It is a far cry from when I visited Mustique a few years ago and Colin, who was staying with Paul Channon, had me reside in his Indian palace there. It had been sold to Sergei Kausov, the Russian ex-husband of the late Christina Onassis, but Colin said: "He's not there, so you can squat for a couple of nights. If anyone asks you where you're staying, don't tell them." This is rather difficult on Mustique, which only has one tiny hotel, the Cotton Club, and is otherwise filled with mansions of gossipy rich.

Colin was paying a rare return visit to his former kingdom and, as he hosted a beach party, the likes of Jerry Hall and David Bowie wandered up and asked me where I was staying. "At Colin Tennant's old house," I eventually blurted out. Nobody cared. The Caribbean is the last outpost of much-undeveloped land. In Barbados they don't allow you to build above the tree line on large stretches of the coast. So, as I swim out to the raft, bobbing in the blue waters by the Sandy Lane hotel, I can look back at what could be virgin land. A desert island of old, A magical place. Hidden behind trees are houses and hotels. A pity. But then if they weren't there, where would I stay?



Letters

Being unable to get into my usual New York hotel at short notice recently, I managed to book a room at the Pierre. Instead of using Mr Winner's old-customer gambit, I made clear I had never stayed there before. On arrival I was upgraded to a suite and could not have had better service and friendlier attention from the front desk through to everything else, and in a bit of an old-world atmosphere, too.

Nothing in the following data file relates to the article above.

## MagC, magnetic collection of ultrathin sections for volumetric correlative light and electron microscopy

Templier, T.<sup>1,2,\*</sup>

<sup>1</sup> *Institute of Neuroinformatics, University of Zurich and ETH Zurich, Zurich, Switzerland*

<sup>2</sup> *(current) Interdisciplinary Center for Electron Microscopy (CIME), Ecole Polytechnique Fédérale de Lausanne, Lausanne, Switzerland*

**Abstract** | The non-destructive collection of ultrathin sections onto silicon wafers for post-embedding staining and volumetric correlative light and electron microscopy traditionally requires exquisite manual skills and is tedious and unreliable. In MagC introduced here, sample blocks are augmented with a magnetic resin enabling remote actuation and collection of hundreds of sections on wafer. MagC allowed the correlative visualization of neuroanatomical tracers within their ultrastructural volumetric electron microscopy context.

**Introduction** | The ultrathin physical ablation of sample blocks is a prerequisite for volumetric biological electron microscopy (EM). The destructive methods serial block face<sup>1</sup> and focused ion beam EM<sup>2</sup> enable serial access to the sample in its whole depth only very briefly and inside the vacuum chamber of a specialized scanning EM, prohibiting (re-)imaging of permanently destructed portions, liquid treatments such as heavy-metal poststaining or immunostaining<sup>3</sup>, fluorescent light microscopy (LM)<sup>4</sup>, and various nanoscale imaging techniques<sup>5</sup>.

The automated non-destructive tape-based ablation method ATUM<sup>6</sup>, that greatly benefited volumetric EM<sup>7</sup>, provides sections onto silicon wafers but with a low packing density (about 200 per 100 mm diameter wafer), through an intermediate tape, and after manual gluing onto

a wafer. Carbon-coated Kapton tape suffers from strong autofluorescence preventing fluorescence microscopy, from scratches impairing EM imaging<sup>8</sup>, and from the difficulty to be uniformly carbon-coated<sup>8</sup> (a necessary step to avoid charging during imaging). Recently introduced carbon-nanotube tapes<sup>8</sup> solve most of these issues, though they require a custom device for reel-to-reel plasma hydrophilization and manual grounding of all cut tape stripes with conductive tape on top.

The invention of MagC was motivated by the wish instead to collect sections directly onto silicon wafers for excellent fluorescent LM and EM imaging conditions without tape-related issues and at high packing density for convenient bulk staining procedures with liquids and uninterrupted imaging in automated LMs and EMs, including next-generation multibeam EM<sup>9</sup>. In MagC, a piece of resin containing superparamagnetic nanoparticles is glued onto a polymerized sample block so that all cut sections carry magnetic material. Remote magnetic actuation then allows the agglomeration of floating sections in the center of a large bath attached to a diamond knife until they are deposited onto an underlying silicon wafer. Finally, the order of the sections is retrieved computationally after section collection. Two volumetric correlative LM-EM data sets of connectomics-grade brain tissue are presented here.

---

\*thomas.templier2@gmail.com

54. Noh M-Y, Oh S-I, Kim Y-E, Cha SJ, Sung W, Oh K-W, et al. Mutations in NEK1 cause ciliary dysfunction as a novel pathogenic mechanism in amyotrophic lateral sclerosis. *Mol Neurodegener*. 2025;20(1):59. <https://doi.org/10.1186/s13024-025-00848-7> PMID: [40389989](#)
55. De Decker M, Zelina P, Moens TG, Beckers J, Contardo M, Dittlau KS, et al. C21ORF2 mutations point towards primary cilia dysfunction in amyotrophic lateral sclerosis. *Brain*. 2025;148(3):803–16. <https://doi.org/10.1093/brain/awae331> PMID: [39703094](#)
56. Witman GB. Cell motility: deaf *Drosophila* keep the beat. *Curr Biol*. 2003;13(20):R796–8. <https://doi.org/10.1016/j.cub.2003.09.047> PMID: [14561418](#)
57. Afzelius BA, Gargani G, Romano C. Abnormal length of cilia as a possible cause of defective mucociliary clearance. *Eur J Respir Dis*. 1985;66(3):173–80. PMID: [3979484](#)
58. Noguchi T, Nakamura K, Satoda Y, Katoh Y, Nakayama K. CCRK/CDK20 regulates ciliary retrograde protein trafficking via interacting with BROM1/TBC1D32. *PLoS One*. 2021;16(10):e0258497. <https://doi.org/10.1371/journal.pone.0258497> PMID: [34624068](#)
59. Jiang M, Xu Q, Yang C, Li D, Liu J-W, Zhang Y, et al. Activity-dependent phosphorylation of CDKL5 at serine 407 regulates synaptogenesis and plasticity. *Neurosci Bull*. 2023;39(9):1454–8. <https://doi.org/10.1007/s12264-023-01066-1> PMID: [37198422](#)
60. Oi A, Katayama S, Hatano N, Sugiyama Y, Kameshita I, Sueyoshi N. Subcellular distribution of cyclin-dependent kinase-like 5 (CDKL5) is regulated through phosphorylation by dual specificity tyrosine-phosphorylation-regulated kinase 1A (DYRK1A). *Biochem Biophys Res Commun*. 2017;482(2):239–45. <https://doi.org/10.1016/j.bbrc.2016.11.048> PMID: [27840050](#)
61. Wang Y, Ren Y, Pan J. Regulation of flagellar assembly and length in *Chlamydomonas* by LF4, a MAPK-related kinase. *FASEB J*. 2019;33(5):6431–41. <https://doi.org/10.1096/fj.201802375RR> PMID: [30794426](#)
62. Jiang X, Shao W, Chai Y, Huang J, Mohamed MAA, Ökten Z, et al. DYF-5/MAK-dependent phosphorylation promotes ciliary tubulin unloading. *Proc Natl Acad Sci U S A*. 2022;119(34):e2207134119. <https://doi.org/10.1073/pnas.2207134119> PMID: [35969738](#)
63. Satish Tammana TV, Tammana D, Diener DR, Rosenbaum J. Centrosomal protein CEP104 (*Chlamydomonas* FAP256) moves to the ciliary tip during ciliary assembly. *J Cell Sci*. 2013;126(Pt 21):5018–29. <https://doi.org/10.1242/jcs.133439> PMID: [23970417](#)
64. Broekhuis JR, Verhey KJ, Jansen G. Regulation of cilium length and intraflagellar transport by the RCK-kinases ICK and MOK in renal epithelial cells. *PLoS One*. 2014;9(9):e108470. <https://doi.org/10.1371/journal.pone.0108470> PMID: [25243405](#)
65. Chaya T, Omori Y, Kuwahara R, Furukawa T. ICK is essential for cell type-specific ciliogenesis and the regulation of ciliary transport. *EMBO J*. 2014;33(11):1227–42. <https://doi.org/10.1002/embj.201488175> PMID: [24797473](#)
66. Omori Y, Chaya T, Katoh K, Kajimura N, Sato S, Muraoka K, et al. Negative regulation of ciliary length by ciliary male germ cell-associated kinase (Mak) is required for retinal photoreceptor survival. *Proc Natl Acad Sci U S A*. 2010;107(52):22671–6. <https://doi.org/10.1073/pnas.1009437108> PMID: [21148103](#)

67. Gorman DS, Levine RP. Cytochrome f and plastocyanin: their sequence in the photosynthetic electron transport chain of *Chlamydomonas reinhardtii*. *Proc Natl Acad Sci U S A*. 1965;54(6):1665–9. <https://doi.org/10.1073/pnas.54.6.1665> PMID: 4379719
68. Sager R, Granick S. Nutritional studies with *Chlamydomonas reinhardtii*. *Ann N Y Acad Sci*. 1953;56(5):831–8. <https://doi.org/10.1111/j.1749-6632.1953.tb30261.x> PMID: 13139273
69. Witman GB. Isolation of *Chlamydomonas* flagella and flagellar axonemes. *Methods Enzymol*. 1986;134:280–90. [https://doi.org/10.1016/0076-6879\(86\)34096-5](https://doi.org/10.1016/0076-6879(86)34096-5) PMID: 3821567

A D Shead, Romsey, Hants

Mr Winner has long entertained us with his marvellous descriptions of meals in normally "posh" places. It was equally delightful of him to go back after more than 30 years to a sandwich bar near Olympia (November 26). It reminded me of my early childhood, pre-war, in Paris, where my father often took me and my siblings to "taxi" restaurants, usually near railway stations. He believed children should learn about good food from an early age and in as many different establishments as possible, while behaving impeccably in all of them! In complete contrast, we often spent Christmas at the Villars Palace in Switzerland (now a holiday complex, I believe), where wonderful concoctions met our eyes on December 25. I remember on one occasion the line of waiters coming out of the kitchen, each carrying a platter with a chocolate church that was lit up inside by candles. Yet it was the "taxi" restaurants back in Paris that bring back the cosiest memories! Mr Winner is right to expect the best when he's at a top eaterie with prices to match, but thank goodness he's not above finding the smaller restaurants offering good food and giving them a pat on the back.
Daisy Cain, London W6

I am writing to let readers know about a fabulous restaurant that I visited recently, the Mezzanine, in King Street, Hammersmith, west London. It is fairly new, and certainly deserves to succeed. We had three courses and wine for less than £50 for two, and it was of a standard that I would compare with any top London restaurant. The Mediterranean-style food is delicious; the service is unhurried and charming.
Joy Goodwin, London W14